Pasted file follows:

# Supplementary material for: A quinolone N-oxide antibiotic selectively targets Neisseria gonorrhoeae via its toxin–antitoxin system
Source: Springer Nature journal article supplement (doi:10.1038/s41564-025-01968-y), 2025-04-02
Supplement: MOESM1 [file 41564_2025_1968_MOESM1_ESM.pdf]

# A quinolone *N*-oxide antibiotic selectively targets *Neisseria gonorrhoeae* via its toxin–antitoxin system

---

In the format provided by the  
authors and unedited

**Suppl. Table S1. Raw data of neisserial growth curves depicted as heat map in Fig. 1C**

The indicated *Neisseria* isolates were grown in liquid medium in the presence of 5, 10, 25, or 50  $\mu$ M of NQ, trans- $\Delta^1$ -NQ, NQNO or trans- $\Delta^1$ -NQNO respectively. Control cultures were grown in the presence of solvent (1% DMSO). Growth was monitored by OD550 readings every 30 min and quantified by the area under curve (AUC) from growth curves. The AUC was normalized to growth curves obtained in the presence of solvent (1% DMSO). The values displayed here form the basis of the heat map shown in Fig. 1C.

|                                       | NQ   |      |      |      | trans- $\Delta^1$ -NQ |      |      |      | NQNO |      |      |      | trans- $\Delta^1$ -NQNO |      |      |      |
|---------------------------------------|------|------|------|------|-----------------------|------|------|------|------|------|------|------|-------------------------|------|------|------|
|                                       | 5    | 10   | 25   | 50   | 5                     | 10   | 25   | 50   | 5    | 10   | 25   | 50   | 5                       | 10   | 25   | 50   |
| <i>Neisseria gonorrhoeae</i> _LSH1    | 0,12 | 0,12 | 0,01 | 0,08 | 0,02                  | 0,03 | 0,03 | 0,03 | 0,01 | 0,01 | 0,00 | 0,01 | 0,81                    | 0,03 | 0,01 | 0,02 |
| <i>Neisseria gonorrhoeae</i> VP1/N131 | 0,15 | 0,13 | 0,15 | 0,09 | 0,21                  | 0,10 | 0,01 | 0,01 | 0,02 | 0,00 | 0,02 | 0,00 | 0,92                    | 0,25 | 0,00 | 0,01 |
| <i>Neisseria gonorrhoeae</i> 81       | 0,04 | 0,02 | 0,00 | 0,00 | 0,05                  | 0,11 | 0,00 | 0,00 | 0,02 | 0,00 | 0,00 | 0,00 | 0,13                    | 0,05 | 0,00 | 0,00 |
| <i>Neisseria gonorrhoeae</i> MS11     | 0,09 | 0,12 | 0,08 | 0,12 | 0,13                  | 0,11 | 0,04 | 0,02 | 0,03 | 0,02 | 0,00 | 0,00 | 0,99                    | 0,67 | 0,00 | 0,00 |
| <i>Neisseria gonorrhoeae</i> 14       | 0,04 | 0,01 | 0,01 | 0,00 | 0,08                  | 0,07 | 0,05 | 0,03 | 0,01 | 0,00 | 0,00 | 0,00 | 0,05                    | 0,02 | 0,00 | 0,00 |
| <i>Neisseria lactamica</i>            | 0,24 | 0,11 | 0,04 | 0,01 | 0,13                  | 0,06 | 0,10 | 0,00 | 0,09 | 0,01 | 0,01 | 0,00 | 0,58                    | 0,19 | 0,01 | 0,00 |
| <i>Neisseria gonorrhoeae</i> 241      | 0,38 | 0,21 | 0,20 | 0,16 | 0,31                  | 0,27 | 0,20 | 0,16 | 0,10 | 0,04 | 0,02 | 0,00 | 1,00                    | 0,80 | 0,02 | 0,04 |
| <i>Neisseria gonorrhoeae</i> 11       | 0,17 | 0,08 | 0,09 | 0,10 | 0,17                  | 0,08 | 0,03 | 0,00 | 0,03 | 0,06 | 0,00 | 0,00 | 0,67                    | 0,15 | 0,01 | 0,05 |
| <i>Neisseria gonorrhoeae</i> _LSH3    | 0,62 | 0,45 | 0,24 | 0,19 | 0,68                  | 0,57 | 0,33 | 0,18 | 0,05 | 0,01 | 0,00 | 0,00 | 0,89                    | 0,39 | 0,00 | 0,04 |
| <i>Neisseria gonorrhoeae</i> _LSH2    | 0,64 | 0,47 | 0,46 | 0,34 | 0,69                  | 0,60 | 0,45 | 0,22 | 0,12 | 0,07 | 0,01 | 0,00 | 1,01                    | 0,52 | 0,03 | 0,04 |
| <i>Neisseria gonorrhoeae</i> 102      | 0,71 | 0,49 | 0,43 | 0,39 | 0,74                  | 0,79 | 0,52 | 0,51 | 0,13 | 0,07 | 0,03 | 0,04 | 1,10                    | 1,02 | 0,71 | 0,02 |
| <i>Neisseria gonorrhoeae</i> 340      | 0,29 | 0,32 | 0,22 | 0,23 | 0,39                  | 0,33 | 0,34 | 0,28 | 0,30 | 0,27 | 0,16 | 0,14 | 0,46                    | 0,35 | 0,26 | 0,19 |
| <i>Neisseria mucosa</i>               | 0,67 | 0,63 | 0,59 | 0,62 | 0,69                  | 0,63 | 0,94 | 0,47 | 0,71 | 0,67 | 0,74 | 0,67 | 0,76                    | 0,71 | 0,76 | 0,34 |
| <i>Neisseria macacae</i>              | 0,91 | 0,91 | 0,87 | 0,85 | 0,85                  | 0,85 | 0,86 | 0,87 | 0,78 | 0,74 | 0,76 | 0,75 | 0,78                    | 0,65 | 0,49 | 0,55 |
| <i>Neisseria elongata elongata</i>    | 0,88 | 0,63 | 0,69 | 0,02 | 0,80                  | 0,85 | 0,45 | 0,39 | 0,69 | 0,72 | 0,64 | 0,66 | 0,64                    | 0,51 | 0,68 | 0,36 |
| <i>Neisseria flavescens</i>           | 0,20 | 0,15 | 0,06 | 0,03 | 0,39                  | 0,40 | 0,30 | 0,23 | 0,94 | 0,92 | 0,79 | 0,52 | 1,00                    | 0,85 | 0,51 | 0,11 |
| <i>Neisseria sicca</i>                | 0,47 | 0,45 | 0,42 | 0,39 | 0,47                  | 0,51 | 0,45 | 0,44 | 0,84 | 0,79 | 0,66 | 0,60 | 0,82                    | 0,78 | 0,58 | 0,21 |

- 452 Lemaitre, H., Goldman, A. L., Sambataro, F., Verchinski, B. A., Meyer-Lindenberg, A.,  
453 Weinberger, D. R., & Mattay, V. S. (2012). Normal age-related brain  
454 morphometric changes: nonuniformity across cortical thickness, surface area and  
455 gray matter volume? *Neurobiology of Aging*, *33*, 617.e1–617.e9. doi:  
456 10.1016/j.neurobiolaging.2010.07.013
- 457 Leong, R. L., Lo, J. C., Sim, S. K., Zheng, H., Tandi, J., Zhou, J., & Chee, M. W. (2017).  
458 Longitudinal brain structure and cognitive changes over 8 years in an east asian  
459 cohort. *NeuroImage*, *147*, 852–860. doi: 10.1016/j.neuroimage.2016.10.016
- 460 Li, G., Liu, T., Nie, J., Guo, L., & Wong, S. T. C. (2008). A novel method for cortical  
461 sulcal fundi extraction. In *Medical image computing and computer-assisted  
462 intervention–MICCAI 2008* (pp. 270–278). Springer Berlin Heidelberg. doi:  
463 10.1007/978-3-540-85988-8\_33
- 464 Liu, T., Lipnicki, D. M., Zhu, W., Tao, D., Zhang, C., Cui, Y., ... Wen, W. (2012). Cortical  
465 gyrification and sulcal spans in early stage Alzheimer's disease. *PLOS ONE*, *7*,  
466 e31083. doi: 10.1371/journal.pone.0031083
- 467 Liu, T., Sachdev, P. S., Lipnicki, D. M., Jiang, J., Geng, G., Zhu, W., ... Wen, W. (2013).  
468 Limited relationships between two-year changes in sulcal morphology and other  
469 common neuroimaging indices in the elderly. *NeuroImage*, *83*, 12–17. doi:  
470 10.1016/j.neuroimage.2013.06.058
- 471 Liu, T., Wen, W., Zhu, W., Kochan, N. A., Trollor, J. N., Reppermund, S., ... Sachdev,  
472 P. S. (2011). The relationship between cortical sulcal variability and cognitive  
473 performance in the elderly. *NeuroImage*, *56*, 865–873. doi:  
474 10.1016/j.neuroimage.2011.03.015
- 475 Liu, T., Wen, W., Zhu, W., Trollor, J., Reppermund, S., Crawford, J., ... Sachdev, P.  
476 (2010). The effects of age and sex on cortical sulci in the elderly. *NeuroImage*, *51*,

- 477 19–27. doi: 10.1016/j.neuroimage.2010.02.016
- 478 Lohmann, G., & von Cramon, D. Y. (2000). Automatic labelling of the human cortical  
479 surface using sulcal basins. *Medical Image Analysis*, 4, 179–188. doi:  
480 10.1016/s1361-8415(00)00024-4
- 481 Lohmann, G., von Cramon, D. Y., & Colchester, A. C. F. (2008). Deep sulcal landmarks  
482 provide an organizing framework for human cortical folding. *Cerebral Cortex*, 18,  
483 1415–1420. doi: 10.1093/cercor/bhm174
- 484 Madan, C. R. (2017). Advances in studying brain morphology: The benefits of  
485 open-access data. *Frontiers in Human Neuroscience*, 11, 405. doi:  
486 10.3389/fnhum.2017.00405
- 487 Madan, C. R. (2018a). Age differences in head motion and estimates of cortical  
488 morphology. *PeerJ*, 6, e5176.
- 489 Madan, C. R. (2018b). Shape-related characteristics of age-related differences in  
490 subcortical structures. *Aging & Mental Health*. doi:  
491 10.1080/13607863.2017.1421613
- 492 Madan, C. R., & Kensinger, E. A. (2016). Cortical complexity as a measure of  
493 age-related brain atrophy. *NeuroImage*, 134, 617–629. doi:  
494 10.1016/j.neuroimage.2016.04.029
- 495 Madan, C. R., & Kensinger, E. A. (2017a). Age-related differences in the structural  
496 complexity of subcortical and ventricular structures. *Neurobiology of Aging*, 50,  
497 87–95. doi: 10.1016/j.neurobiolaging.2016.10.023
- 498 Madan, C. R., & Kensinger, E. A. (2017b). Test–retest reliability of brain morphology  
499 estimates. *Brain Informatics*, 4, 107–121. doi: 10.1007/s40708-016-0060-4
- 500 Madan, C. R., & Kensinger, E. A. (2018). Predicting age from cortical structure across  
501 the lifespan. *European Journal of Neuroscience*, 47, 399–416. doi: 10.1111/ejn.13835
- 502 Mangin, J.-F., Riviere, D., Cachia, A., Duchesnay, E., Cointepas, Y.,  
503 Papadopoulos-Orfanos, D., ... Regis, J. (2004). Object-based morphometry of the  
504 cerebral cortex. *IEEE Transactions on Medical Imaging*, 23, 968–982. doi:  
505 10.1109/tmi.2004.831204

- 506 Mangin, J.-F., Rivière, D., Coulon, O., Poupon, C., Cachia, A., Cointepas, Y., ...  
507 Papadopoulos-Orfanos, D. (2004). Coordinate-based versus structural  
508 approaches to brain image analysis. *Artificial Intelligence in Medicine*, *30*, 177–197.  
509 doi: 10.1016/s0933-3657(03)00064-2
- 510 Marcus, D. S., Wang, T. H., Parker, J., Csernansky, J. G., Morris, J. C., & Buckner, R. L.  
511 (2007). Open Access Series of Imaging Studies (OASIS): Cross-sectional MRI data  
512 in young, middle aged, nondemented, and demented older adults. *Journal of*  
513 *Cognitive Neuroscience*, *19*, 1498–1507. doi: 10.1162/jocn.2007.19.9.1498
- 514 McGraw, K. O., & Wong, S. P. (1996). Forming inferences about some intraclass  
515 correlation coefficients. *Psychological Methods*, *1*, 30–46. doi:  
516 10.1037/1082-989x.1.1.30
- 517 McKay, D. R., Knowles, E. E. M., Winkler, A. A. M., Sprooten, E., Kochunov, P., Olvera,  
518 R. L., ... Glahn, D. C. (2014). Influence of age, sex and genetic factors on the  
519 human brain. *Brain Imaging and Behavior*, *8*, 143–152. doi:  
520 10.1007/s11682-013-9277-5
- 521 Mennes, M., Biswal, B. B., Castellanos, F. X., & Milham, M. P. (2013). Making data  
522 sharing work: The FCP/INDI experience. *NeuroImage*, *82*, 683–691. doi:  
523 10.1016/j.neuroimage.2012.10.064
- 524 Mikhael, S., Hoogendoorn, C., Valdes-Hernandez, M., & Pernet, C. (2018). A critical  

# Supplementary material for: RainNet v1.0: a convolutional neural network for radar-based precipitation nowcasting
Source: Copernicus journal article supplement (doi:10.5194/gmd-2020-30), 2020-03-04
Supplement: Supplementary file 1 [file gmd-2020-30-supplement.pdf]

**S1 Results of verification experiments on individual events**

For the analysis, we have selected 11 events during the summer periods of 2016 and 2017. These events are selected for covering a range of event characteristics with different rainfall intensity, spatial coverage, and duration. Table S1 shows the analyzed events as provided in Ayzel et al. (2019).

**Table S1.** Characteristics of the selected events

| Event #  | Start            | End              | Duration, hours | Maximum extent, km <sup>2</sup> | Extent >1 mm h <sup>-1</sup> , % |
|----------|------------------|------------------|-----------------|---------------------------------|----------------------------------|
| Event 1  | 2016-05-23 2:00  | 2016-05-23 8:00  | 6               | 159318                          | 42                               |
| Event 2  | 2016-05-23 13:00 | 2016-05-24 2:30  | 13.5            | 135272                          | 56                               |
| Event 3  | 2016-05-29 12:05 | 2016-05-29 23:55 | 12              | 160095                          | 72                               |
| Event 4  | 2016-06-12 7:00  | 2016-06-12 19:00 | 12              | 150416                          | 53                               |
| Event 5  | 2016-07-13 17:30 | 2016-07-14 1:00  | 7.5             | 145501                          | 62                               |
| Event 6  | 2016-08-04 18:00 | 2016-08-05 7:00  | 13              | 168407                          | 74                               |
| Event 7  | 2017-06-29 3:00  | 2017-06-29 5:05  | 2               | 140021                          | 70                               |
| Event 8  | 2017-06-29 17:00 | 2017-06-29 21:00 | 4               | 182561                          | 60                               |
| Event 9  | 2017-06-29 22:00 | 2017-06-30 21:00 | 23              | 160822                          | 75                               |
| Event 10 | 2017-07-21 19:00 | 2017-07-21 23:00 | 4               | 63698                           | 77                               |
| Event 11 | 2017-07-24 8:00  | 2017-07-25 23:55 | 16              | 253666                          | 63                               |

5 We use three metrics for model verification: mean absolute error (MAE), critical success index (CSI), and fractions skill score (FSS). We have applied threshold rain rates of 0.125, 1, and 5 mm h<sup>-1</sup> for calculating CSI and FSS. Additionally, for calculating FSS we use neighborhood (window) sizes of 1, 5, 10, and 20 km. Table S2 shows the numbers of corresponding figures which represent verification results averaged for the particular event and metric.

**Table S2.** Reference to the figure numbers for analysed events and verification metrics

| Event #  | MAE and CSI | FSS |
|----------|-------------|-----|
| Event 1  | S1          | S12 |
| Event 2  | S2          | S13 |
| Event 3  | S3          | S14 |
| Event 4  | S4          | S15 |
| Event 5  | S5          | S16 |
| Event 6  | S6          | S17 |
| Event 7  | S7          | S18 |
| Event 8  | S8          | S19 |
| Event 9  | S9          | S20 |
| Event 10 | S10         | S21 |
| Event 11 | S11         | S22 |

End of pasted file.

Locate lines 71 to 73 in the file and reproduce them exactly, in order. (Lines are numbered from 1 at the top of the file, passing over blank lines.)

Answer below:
493 age-related brain atrophy. *NeuroImage*, 134, 617–629. doi:  
494 10.1016/j.neuroimage.2016.04.029
- 495 Madan, C. R., & Kensinger, E. A. (2017a). Age-related differences in the structural  